Tuesday, 30 November 2010
So what are the prospects? On balance, the speakers expressed significant doubts as to whether we will achieve the UK's target of 15% renewable energy by 2020. They made clear what the obstacles are. Broadly, these boil down to four key areas:
- Complex and uncertain policies and regulatory environment.
- Access to the National Grid.
- Planning and Consent.
- Lack of investment due to uncompetitive returns.
Thursday, 25 November 2010
The brewer, Paddy Johnson, explained many fascinating details of the brewing process, ingredient sourcing and distribution, emphasising how sustainable these processes are for a local brewer delivering cask-conditioned beers to local pubs. From the low-energy malting of their barley to the heat-recovery systems on the copper, everything felt right about the way Paddy is crafting his beers. Moreover, he explained that the brewery was deliberately situated in the heart of the town, in order to play a responsible part in our community.
In the Sustainable Windsor meeting that followed, Paddy once again led the way with some great suggestions for engaging local businesses and promoting sustainable activities and behaviours through regular features in the local press. An inspiring vision for 2011 from the team that have created an exciting and successful local business in 2010.
The Two Brewers at The Two Brewers!
Willie and Paddy at the launch of their first beer on St George's Day, 2010
Monday, 22 November 2010
While I am doing my best to reduce the impact of my everyday living on the environment, I remain comfortably affluent and middle-class. In discussing these matters I am aware of the risk of hypocrisy in bleating about sustainable sourcing while poverty, war and natural disasters are ravaging millions of families around the world. My purpose in writing this is not to solve the world's problems but to offer you practical ideas and encouragement to make your life a bit greener by cutting waste and making the most of what you have. I hope this will make you a little happier and it will also rub off on the people around you. This article, published in the Wall Street Journal last month, compiled decades of research that demonstrates the best way to persuade other people to make ethical and environmental choices is to lead by example. When we do what we say, practice what we preach, other people take notice. "You must be the change that you want to see in the world" - Mahatma Gandhi.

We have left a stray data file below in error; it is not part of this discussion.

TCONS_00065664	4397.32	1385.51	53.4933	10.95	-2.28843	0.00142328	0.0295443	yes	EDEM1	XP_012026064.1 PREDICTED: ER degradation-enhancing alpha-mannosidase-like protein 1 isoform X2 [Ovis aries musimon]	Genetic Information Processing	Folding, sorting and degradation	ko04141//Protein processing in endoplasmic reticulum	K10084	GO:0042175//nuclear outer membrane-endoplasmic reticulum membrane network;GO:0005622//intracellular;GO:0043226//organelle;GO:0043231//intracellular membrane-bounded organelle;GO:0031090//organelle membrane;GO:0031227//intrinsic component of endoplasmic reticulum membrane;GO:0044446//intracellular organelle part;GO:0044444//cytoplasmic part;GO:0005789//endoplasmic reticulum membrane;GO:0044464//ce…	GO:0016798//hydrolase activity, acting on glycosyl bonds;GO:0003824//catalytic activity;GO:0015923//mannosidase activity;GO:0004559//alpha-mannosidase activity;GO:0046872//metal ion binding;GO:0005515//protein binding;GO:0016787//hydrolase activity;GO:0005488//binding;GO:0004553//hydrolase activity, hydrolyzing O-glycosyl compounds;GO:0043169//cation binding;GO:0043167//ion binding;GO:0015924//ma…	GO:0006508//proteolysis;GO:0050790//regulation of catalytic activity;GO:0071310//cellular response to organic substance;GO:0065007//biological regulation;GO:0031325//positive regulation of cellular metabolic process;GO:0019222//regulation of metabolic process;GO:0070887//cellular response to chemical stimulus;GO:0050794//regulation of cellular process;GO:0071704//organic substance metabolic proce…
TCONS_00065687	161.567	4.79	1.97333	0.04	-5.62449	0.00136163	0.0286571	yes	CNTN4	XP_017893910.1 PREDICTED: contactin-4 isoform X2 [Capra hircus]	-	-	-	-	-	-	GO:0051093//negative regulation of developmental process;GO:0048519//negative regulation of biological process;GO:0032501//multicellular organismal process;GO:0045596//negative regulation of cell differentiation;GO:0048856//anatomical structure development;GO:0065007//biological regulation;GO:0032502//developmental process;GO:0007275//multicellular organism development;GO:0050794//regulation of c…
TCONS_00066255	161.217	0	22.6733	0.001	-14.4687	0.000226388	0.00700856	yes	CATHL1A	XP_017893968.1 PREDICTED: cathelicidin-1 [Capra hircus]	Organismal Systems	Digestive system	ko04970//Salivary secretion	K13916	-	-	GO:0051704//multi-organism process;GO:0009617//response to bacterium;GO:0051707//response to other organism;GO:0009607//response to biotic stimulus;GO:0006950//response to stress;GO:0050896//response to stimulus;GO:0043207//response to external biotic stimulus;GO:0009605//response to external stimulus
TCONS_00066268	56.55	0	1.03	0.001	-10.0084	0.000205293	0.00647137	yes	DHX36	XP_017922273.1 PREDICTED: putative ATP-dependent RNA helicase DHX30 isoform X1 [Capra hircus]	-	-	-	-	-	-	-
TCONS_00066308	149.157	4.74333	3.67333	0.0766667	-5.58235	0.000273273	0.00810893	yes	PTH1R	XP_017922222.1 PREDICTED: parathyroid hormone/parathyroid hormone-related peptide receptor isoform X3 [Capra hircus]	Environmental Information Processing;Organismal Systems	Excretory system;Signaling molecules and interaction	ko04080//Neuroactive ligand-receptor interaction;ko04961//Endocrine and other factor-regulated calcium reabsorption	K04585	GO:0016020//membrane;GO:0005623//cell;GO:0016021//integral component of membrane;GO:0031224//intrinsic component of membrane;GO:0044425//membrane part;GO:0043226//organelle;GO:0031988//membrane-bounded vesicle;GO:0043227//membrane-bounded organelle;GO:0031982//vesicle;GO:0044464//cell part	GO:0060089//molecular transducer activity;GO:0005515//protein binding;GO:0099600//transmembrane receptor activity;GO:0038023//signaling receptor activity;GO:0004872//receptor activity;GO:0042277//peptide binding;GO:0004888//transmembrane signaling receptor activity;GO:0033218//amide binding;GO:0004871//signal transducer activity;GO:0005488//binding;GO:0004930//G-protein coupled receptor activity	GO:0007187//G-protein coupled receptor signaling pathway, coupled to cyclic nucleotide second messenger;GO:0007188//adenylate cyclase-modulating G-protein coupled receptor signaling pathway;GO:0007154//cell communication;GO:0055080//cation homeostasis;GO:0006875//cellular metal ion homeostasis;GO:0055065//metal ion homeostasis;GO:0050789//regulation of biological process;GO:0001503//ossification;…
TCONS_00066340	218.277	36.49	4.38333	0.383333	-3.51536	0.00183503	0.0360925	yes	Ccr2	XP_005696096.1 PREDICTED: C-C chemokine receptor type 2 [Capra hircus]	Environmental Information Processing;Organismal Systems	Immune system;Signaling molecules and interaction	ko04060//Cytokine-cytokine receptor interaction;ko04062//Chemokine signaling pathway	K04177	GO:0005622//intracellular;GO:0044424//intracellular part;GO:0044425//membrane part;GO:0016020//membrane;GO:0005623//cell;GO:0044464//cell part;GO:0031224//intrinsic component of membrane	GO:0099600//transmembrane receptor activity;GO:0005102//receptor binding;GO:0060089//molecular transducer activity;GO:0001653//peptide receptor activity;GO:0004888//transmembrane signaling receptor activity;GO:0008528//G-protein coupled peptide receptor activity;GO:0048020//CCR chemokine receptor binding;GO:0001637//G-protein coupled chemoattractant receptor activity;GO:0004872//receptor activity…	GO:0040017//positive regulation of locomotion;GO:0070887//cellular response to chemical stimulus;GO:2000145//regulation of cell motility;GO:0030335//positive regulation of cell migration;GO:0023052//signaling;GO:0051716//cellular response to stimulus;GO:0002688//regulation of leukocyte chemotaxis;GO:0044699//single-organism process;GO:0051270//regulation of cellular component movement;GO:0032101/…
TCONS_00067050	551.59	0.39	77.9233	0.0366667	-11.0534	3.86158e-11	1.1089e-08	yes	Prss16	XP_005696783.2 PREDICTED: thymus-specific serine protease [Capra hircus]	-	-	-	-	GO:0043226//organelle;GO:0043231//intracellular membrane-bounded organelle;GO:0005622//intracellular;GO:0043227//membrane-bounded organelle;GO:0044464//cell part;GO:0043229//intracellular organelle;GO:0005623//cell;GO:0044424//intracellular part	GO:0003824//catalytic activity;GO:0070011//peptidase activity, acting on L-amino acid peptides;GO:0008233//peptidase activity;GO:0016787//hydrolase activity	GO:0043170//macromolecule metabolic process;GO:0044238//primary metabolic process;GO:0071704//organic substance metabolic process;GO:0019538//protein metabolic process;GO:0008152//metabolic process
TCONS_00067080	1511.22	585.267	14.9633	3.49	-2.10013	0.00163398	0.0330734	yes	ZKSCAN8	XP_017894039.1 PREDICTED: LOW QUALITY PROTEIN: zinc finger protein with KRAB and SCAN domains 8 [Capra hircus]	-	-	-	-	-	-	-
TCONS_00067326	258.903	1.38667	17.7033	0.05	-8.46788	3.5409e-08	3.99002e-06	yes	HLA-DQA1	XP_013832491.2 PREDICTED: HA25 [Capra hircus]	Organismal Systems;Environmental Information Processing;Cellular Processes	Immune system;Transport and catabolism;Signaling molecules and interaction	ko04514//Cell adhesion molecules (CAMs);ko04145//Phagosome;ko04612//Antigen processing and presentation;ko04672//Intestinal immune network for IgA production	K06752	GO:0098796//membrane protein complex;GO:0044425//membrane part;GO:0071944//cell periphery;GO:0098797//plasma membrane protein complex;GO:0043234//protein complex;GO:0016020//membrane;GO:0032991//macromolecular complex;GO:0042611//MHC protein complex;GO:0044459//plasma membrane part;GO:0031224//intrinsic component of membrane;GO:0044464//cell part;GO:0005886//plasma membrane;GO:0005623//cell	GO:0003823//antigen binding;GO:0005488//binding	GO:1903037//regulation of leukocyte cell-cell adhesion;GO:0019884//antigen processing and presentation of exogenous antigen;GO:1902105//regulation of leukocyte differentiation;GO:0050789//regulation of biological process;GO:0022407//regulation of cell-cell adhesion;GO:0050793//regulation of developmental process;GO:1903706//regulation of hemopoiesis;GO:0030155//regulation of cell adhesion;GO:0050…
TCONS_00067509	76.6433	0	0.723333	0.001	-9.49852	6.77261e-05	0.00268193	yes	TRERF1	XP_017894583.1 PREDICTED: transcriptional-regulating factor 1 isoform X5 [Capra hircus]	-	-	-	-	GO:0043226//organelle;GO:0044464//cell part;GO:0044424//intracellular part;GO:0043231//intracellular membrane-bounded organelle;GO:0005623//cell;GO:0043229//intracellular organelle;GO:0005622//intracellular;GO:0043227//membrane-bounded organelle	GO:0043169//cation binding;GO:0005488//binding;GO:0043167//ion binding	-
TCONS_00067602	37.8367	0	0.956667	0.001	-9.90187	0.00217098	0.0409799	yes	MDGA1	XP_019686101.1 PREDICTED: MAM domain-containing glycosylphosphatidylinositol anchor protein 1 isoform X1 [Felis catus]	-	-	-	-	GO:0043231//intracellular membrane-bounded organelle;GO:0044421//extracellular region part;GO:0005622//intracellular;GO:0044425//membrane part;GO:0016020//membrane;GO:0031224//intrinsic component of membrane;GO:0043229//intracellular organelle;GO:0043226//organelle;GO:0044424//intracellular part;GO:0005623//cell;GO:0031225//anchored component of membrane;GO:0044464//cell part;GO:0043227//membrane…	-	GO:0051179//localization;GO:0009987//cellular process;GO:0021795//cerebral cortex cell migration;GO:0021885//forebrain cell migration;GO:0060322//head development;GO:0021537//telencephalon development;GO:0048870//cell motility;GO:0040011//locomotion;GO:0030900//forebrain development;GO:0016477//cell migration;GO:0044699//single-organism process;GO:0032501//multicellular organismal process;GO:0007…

Food and Drink
We had friends round for dinner on Saturday. While dinner parties are not about sustainability, I was very happy with the menu we prepared. To start, ricotta and herb-filled courgette parcels in beetroot cream (from the Montali vegetarian cookbook). For main course, MSC-certified lemon sole with Atlantic prawn and breadcrumb gratin. The dessert was FairTrade chocolate mousse with walnuts and cream. Tragically, I used Divine's 85% cocoa recipe which turned the mousse rock hard. Lesson learned!